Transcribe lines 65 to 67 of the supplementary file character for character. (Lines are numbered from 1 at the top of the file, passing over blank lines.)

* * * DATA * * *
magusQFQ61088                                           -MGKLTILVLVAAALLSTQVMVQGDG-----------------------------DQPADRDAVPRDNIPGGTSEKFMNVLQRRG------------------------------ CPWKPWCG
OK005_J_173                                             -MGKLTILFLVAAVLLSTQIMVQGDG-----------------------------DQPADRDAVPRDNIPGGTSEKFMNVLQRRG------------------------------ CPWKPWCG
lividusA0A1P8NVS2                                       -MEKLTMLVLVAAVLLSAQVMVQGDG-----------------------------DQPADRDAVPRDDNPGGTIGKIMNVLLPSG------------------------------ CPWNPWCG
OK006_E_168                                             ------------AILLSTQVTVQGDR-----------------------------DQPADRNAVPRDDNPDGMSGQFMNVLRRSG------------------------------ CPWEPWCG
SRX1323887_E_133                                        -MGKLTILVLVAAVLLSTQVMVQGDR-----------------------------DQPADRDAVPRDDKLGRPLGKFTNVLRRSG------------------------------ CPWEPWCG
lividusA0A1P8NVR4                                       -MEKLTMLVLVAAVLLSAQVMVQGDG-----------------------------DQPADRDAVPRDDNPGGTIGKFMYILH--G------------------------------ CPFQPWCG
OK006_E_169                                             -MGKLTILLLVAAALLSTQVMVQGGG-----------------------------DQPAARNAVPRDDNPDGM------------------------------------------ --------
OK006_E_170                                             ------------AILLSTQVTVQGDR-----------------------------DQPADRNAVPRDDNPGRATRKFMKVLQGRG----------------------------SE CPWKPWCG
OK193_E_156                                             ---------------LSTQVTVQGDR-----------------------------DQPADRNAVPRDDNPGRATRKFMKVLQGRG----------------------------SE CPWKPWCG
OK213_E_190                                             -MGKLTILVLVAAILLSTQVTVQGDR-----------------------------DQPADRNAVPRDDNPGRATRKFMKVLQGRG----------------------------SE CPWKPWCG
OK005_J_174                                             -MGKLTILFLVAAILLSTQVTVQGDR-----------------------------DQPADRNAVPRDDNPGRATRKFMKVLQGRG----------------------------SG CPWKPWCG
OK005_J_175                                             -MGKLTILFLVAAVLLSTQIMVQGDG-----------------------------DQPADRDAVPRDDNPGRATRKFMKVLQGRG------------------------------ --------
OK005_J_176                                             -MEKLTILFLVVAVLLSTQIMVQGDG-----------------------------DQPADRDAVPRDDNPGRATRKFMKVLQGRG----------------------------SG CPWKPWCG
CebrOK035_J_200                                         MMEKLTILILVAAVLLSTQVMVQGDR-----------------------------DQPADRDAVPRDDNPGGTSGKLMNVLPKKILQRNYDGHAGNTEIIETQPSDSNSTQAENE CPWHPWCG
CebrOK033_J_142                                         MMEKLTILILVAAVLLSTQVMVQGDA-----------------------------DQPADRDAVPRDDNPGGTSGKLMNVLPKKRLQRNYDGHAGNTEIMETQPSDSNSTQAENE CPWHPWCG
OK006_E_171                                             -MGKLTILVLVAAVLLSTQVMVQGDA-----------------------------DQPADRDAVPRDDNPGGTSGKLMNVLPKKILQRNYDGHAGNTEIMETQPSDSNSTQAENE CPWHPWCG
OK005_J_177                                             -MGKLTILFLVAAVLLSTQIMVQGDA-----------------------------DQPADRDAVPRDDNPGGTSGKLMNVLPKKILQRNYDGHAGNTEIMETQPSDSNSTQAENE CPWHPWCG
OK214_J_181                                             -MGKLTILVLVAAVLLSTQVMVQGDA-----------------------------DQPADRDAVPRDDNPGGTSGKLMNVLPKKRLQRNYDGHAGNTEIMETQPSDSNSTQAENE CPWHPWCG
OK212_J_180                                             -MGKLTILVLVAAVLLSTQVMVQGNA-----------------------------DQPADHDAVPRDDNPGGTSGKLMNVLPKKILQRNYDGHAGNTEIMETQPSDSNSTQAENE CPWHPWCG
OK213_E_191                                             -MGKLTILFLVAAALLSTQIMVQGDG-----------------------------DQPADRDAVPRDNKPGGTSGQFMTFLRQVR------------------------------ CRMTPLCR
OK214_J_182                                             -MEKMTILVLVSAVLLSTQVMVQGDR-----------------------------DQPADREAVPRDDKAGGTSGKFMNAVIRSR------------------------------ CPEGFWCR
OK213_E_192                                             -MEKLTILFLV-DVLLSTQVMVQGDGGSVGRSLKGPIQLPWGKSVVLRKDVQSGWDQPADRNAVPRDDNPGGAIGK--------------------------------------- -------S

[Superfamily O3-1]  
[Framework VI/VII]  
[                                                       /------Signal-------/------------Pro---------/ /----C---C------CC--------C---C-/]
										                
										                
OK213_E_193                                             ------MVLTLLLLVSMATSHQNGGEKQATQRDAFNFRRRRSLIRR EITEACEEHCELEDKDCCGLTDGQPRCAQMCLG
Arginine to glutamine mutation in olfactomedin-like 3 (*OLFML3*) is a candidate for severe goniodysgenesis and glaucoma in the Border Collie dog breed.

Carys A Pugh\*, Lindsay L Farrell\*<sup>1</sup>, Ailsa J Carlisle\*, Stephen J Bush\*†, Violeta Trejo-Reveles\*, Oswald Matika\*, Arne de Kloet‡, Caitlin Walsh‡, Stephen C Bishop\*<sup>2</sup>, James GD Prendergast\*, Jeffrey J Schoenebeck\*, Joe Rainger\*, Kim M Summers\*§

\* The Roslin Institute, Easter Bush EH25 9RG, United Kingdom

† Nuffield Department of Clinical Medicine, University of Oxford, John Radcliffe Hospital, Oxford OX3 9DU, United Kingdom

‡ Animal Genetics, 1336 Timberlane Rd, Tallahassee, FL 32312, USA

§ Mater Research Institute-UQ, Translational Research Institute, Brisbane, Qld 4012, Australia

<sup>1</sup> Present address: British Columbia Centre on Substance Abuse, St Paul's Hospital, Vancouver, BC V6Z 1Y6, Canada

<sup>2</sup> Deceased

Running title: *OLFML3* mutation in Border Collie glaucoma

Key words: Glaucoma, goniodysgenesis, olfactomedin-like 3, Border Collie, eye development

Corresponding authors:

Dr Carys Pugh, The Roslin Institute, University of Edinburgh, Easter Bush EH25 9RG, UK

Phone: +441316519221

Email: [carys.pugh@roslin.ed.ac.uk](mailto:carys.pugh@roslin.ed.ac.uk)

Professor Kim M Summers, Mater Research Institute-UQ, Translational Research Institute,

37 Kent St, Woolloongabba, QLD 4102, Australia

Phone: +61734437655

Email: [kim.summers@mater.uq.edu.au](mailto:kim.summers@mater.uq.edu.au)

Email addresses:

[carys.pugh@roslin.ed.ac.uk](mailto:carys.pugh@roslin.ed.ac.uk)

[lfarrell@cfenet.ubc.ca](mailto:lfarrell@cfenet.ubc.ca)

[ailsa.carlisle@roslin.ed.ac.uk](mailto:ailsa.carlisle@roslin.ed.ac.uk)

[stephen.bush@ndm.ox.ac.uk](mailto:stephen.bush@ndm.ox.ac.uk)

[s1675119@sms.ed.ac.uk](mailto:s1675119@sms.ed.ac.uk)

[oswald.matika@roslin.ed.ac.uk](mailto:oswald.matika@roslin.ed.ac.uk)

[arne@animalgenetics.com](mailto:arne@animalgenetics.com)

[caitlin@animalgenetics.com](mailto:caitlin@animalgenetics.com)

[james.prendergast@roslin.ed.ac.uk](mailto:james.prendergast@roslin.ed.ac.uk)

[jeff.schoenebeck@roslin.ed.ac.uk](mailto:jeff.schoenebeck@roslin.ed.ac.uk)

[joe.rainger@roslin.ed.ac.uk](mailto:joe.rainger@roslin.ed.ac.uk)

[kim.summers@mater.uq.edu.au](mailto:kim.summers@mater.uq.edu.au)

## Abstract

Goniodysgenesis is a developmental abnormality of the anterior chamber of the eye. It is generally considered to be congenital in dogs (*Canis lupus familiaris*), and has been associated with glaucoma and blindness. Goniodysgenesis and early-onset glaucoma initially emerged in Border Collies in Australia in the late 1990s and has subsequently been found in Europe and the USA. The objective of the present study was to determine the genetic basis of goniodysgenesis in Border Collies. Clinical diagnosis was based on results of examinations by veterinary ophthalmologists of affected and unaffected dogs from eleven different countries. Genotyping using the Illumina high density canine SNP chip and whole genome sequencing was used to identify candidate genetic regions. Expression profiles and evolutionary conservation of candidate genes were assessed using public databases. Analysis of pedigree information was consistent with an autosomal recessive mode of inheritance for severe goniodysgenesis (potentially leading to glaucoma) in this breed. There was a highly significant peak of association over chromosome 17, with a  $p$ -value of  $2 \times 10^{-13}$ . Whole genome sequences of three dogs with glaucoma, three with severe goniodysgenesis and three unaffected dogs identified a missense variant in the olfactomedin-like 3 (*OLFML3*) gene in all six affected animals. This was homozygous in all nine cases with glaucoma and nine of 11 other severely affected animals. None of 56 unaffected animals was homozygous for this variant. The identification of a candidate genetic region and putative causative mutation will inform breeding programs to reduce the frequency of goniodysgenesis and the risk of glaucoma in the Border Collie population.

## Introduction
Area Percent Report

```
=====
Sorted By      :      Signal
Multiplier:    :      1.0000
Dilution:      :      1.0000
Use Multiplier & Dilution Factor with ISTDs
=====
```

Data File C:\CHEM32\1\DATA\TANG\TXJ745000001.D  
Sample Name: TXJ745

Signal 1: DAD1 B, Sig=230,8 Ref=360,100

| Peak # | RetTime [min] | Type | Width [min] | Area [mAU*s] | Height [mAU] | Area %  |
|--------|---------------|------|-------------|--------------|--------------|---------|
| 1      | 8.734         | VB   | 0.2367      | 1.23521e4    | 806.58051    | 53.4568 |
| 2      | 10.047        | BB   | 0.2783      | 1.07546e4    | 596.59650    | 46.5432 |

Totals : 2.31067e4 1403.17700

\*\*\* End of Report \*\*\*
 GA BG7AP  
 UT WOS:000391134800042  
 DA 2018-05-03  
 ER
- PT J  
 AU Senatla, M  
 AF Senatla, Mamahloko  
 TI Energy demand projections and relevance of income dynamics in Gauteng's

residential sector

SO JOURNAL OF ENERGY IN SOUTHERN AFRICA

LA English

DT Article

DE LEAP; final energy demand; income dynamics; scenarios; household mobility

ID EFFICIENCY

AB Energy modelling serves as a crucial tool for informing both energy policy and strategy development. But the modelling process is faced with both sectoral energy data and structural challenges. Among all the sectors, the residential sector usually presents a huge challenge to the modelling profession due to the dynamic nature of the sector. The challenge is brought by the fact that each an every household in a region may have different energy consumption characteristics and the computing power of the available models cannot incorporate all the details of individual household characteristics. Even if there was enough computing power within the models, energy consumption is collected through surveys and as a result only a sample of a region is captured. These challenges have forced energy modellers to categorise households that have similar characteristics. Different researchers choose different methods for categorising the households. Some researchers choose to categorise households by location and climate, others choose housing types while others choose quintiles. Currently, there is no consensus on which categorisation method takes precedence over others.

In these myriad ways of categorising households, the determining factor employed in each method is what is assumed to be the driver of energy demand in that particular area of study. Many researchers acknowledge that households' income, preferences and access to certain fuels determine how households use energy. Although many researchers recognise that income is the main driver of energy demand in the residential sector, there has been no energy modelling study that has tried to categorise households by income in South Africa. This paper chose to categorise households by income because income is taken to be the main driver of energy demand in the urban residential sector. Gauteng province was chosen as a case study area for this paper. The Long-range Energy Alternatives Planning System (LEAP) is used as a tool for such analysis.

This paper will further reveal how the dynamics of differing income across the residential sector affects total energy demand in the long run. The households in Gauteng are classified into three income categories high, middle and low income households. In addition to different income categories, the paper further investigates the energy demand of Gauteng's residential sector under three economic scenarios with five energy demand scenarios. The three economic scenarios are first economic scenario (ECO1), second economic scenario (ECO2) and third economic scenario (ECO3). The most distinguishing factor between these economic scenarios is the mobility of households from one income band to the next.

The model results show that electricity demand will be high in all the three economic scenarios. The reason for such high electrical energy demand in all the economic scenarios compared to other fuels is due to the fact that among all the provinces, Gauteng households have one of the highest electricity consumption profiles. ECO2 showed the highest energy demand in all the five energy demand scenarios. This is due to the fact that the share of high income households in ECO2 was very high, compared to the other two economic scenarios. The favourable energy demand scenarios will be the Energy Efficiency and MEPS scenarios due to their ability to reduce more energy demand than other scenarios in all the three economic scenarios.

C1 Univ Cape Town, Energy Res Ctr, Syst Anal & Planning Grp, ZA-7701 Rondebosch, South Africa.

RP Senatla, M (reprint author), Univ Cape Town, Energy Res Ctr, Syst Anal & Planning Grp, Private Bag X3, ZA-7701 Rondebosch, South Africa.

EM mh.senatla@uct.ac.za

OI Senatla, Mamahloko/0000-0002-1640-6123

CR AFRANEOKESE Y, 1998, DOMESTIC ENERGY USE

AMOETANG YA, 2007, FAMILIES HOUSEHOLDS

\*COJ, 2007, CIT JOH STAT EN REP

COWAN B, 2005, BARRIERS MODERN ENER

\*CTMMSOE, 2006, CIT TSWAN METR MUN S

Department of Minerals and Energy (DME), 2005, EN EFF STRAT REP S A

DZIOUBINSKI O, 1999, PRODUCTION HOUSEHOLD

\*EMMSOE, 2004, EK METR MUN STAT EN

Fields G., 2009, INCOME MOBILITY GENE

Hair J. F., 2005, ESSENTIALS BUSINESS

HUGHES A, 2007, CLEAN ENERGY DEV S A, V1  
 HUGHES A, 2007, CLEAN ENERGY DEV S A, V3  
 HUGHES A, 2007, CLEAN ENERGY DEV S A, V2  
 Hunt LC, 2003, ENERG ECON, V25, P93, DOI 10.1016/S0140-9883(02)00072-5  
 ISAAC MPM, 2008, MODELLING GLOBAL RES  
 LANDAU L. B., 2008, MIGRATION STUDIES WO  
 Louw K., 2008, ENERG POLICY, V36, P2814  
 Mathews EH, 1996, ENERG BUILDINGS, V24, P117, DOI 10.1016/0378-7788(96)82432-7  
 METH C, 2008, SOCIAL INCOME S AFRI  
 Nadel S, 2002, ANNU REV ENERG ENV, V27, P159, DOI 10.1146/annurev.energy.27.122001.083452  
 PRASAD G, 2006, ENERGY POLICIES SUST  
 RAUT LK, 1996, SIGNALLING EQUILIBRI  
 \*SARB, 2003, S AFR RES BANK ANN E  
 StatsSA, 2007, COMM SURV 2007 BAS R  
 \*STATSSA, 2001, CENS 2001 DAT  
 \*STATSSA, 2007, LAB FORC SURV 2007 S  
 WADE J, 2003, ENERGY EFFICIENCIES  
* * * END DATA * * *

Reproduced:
Multiplier:    :      1.0000
Dilution:      :      1.0000
Use Multiplier & Dilution Factor with ISTDs